2. A couple of posts ago, I wrote about respectfully visiting a variety of hard-to-find, hard-to-see native historic sites in and around our area. The group I hike with have since done two more excursions up into the highlands at the northern edge of our local red rocks region, and we did find some interesting ruins, if not any dramatic rock art. For these hikes, for me, the highlights were actually the views from on high. While archaeological assessments of native sites obviously focus on the practical reasons why people would have lived there (e.g. access to food and water, shelter from the elements, safety from other humans, etc.), I do deeply believe that our ancestors also must have shared some version of our own appreciation for “location, location, location,” especially for locations with utterly exquisite views. Here are a pair of snaps from each of those past two hikes. Wouldn’t you have loved to live here too? (Note: at the tip of the central promontory on which I am standing in the second photo, you may just be able to see one of the ruins we visited; I’d wager it was a sentry or guard post, based on the panoramic views of all approach routes from within its confines; you can click either photo to see a larger version).
3. Closer to home, and while I’m sorting photos, we have fine views from our windows and yard, though not quite as grand as the ones above. We also have an incredible variety of visitors who make their homes in our yard, or at least pass through on a regular basis. I’ve posted a lot of photos of various yard critters here over the past two years, but here are three guests who came to see us since last I posted. Note that the mule deer is reacting to one of the very few yard guests that I don’t like: the mosquitoes that swarm here after the monsoon leaves plentiful pools of water for them to breed in, ugh.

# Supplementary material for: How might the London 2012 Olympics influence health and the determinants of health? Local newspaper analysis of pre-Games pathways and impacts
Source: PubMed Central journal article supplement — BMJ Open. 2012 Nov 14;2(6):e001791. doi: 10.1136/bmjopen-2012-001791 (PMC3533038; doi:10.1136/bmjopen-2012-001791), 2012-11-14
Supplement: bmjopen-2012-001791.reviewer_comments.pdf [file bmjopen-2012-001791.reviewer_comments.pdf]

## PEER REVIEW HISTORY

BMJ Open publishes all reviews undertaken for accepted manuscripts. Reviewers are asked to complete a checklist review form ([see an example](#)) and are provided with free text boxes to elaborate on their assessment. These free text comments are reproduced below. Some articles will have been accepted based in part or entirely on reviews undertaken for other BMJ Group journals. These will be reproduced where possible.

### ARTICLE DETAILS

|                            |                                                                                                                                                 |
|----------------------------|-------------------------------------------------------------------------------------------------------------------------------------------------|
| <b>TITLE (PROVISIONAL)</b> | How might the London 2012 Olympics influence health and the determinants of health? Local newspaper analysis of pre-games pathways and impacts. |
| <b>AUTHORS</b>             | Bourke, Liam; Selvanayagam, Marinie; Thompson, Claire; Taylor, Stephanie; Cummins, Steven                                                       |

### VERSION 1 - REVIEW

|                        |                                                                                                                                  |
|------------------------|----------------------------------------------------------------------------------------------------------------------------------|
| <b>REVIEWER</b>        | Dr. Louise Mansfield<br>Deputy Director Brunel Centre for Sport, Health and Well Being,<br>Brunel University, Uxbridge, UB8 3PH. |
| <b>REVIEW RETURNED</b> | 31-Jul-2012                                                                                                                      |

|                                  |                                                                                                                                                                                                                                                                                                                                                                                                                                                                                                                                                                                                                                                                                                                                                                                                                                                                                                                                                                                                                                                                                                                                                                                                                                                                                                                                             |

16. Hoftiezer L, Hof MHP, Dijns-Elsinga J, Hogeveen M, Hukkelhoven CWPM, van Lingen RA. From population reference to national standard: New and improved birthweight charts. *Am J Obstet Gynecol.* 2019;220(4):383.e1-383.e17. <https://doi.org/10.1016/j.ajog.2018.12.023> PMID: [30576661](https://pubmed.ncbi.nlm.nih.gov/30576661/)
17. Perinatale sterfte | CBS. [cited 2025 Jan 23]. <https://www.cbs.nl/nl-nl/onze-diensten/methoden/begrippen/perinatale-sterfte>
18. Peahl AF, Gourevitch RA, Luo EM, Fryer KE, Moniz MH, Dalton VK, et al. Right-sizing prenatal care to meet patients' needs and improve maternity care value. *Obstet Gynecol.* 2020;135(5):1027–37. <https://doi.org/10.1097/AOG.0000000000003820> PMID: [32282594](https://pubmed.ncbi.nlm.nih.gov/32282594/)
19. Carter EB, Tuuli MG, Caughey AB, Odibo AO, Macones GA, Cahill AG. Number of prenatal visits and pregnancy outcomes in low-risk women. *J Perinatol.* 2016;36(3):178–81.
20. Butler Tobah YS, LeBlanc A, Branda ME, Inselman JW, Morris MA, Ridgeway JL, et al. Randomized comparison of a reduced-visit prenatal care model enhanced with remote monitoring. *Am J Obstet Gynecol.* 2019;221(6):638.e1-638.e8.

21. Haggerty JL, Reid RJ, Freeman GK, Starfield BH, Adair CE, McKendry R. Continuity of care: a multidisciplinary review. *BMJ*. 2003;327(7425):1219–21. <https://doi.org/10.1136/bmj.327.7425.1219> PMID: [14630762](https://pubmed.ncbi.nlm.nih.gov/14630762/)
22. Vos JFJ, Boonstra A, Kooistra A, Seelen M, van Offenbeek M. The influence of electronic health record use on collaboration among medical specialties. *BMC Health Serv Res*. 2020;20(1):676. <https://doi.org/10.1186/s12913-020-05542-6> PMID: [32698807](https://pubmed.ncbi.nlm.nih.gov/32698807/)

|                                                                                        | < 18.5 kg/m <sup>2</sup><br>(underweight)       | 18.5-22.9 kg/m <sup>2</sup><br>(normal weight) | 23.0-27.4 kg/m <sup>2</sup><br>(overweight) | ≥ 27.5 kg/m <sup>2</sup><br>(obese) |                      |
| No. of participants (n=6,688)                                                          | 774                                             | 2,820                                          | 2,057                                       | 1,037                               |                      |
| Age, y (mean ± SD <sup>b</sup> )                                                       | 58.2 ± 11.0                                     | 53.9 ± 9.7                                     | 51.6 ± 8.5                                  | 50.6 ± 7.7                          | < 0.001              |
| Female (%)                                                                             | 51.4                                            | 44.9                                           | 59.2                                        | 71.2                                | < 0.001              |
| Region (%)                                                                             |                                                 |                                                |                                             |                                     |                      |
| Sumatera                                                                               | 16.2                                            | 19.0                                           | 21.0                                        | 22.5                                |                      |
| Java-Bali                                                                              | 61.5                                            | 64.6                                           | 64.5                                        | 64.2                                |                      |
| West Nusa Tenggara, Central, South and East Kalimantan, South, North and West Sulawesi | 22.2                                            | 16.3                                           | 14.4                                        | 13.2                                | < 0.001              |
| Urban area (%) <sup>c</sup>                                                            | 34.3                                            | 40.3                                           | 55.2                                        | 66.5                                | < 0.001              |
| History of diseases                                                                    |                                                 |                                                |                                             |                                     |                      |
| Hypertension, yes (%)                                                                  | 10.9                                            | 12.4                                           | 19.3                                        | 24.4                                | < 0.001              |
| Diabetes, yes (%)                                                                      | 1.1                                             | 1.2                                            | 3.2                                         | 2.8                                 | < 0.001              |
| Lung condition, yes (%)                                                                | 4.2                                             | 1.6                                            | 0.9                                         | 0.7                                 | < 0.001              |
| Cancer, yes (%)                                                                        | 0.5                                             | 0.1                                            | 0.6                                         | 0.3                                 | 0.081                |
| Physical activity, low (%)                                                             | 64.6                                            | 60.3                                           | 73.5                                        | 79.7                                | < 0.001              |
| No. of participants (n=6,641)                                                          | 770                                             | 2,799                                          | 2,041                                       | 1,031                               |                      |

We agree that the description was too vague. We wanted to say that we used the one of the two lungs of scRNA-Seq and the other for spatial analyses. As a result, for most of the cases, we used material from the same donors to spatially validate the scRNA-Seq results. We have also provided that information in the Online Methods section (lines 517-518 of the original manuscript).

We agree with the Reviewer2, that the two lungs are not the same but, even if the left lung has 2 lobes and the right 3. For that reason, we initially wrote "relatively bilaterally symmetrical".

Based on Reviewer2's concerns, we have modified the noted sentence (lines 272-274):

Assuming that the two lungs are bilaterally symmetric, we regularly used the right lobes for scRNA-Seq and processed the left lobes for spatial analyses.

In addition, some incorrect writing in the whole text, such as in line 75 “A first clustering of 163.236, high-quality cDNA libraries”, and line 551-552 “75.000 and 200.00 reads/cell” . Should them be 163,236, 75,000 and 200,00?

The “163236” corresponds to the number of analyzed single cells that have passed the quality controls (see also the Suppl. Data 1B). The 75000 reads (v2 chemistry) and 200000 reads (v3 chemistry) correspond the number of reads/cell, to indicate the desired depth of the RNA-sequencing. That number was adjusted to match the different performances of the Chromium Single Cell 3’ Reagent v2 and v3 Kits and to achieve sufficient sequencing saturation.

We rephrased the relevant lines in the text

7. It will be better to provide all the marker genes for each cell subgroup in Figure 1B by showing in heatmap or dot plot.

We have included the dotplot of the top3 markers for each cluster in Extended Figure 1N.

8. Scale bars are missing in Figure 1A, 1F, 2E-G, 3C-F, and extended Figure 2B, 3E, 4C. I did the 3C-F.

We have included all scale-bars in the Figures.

4. I’ve long used arcane titling conventions for posts like this one, which offer a variety of short pieces rather than a single conceptual article. Back in 2017, I tried to recreate the roster of those conventions in a post called So Many Ways To Say Some Stuff. For a variety of reasons, it seemed that after I compiled that list, I didn’t find myself writing many such posts anymore, favoring instead a variety of more series-based articles like Favorite Songs by Favorite Artists, or 10,000 Words, or Best of the Archives, or With Which I Am Well Pleased. By early 2022, I was feeling a bit burnt-out by all of those various series, and by the pace that I’d kept up here throughout the Anno Virum, and by the time being consumed by a not-yet-ready-for-public-announcement writing project away from the web. I whithered a bit on what to do, and have cut back the frequency of posting here since then, but that seemed to open up the window to more compendium posts again, like this one. I only state that publicly here to note that my naming convention for such posts through 2022 has been based on song titles by the great Uriah Heep, and that after fourteen such posts, I think it’s time to move on to a new rubric. I know that virtually no one reading this piffle and tripe will note such arcane conventions, nor necessarily pick up on the new paradigm, but it pleases me to have structure, and to have little tricks and hooks that help me sort the immense volume of stuff here, even if nobody notices but me.